It is generally well known that birds lack teeth. What is not as well known is that ancient birds had them.
Several fossil bird species from the Jurassic Period (about 200 million to 145 million years ago) had a mouthful of dinosaur-like teeth. During the next period (the Cretaceous, about 145 million to 66 million years ago), toothed birds vanished.
The loss of teeth was most likely one of many evolutionary modifications for flight that included reducing the size and weight of the skeleton while maintaining strength. Bones were lost, some were fused together, and sometimes heavy, compact bone was replaced by lighter, spongy bone. Nowhere was this more prominent than in the skull. The resulting smaller, more delicate jaws meant that teeth had to go.
From a functional point of view, teeth were replaced by the gizzard, a thick-walled muscular chamber of the stomach that slowly churns, breaking up almost anything inside. More specifically, the gizzard replaced the molars. Not only did swapping the teeth and skull for a gizzard save weight, it moved the center of gravity under the wings, creating a more aerodynamic weight distribution.
The stomach of a bird consists of two parts: a small, thin-walled, glandular chamber that secretes digestive enzymes and acid — the true stomach — and, behind it, a larger, thicker gizzard. Some birds (fruit-eaters, for example) have a weakly developed gizzard. At the other extreme, seedeaters have a gizzard whose walls are thick masses of muscle that contract with tremendous force. Inside is a strongly keratinized layer consisting of numerous grooves and ridges. The lining is very tough and constantly being regenerated.
An unusual feature of some Old World birds known as flowerpeckers is that both the intestine and gizzard come off the front stomach. Fruit bypasses the gizzard, going straight into the intestine, while insects are diverted to the gizzard for grinding. A New World songbird of our southwestern states, the Phainopepla, feeds heavily on mistletoe berries. The outer covering of the berry is removed in the stomach, and the fruit moves right into the intestine. The outer coverings accumulate in the gizzard and at intervals are passed as fecal pellets.
Nuts and shellfish
Among birds with well-developed gizzards are turkeys, pheasants, pigeons and doves, ducks, and many finches. Turkeys and dabbling ducks, such as Mallards, eat hard-shelled nuts that are easily pulverized in their gizzards. Sea ducks such as eiders and inland divers such as scaup eat mussels and other shellfish that are readily ground up.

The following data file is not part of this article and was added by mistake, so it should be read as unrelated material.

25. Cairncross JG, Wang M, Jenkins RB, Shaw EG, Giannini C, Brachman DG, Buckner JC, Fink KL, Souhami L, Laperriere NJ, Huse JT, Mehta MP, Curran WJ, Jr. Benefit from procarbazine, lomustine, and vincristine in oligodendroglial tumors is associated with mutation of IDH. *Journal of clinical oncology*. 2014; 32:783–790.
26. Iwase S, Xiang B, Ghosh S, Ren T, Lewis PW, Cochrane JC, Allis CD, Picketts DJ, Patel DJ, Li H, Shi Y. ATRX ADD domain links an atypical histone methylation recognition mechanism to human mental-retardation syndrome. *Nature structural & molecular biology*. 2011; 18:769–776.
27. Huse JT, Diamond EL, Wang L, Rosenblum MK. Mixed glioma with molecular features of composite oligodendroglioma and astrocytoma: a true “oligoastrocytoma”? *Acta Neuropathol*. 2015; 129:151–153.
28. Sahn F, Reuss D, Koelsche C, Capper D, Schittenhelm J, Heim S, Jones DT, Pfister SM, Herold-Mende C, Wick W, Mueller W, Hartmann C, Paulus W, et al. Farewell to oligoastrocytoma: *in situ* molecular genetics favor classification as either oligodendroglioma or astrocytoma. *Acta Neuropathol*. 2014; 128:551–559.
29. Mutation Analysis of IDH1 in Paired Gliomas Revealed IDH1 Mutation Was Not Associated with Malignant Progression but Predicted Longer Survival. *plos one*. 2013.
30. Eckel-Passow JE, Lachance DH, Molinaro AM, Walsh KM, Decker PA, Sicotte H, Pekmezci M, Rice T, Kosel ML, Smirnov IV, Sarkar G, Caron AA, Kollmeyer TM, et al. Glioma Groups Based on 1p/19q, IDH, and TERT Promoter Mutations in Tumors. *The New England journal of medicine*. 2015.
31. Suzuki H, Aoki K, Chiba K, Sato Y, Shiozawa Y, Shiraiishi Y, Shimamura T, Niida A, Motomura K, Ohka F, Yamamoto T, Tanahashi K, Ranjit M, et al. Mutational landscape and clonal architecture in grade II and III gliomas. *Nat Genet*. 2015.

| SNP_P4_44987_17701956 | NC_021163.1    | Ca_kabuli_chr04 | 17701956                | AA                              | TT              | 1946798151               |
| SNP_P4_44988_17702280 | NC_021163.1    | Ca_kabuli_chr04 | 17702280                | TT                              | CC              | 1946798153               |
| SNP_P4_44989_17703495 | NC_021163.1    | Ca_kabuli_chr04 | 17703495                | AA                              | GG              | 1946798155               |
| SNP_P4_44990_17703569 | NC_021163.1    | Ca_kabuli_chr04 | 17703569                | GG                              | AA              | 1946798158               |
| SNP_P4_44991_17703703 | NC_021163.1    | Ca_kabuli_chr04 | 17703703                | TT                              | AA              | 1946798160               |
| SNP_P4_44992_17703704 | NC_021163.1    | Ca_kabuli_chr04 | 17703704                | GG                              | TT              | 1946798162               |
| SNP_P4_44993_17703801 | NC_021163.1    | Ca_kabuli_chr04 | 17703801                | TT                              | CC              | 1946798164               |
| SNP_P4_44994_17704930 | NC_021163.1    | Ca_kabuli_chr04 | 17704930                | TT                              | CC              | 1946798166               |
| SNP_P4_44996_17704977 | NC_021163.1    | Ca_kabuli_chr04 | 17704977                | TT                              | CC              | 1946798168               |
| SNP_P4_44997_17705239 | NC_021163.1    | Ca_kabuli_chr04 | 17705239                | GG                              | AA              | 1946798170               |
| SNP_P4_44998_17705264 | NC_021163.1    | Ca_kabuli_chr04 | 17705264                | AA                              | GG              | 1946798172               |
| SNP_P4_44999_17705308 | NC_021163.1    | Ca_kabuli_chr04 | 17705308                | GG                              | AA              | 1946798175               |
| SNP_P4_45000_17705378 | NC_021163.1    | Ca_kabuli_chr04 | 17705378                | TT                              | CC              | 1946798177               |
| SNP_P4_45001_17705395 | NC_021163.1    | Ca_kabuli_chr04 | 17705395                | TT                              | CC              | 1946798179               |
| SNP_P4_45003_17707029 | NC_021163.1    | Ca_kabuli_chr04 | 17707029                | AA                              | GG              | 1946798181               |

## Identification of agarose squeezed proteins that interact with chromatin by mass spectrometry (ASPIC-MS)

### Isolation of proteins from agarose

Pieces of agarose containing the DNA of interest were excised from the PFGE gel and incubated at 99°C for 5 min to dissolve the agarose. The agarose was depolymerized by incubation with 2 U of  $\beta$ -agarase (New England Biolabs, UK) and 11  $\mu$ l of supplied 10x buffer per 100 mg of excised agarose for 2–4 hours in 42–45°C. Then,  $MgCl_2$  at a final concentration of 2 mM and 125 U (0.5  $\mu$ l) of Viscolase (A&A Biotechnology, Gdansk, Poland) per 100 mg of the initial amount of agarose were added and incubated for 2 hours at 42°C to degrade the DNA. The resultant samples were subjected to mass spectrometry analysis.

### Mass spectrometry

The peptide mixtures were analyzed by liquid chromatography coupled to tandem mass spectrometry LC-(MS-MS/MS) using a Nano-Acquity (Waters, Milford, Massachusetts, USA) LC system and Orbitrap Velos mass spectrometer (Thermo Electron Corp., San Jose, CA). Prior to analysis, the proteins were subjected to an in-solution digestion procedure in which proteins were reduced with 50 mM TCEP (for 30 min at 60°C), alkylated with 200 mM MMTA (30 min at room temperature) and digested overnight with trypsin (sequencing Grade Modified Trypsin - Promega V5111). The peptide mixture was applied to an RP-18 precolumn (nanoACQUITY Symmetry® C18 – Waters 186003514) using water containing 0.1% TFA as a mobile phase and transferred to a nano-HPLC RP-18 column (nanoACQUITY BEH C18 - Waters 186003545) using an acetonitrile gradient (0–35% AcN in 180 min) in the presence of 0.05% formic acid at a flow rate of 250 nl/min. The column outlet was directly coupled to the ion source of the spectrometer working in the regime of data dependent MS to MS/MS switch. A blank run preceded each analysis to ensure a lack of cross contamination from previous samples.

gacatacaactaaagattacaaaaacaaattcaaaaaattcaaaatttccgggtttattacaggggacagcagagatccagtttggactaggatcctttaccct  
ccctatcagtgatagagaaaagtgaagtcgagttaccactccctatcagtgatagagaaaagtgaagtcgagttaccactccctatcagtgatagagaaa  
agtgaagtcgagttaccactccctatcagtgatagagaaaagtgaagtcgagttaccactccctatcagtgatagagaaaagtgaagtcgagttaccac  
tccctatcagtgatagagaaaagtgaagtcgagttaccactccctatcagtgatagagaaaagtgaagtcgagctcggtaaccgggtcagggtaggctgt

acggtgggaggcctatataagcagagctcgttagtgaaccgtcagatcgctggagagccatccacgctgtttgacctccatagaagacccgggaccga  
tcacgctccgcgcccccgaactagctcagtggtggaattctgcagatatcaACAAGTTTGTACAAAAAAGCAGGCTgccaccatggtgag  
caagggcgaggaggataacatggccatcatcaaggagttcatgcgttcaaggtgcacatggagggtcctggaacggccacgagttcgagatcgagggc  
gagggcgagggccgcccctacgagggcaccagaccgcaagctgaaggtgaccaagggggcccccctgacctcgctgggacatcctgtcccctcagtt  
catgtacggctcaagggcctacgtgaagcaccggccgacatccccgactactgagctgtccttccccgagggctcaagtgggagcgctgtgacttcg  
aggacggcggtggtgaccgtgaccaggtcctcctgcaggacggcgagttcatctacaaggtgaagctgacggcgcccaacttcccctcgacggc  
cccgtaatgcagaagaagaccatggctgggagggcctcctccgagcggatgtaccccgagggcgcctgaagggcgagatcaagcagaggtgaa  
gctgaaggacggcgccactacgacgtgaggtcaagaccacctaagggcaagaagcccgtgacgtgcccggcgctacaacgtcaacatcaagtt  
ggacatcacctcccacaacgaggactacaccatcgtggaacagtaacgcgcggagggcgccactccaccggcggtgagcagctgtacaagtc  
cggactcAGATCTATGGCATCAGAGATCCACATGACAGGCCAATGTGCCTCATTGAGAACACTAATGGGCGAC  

According to John K. Terres, turkeys can crush pecans — shell and all — in an hour. Rapid digestion is important because of birds’ high metabolic rate, which is another adaptation for flight. Terres also reports on a 17th-century experiment in which a worker introduced glass balls, lead cubes, and chunks of wood into a turkey’s stomach. On the following day, the glass was pulverized, the lead cubes flattened, and the wood badly worn. When a modern researcher tried to duplicate these feats with a vise, he needed to apply a force of 437 pounds.
Sometimes birds eat pebbles, which are kept in the gizzard to increase its pulverizing ability. Almost any kind of stone will work, although limestone will not withstand the strong acid in the stomach of most birds. The ingesting of stones has led to some fascinating situations. Ruby mines in India, for example, were reportedly discovered after a ruby was located in the gizzard of a pheasant. Similarly, a minor gold rush was spawned in western Oklahoma when gold nuggets were found in the gizzards of ducks. The flightless Moas of New Zealand, brought to extinction by Polynesians in the mid-1300s, varied in size. The largest was about six feet tall and had about five pounds of grit in its gizzard.
The tendency to pick up abrasives can have a downside as well. Ducks that swallow grit and seeds often ingest lead shot that has sunk to the bottom of marshes. Waterfowl are highly susceptible to lead poisoning, which causes considerable mortality. Efforts to replace lead shot with available alternatives has become a political issue. The NRA lobbies strongly to maintain lead shot for upland game hunting.
The gizzard has a different function in birds of prey. Many owls and hawks swallow small birds and rodents whole. The non-digestible feathers, bones, and fur remain in the gizzard and, after a time, are compacted into a pellet and regurgitated. Grebes ingest feathers (and feed feathers to their young), which settle in the bottom of the gizzard and prevent fish bones from moving into the intestine.
The loss of teeth and development of a powerful, muscular gizzard are critical adaptations for the success of birds. It might seem far-fetched to think of these as adaptations associated with flight, but nothing should be a surprise when it comes to the amazing lives of birds.
This article from Eldon Greij’s column “Amazing Birds” appeared in the November/December 2014 issue of BirdWatching.
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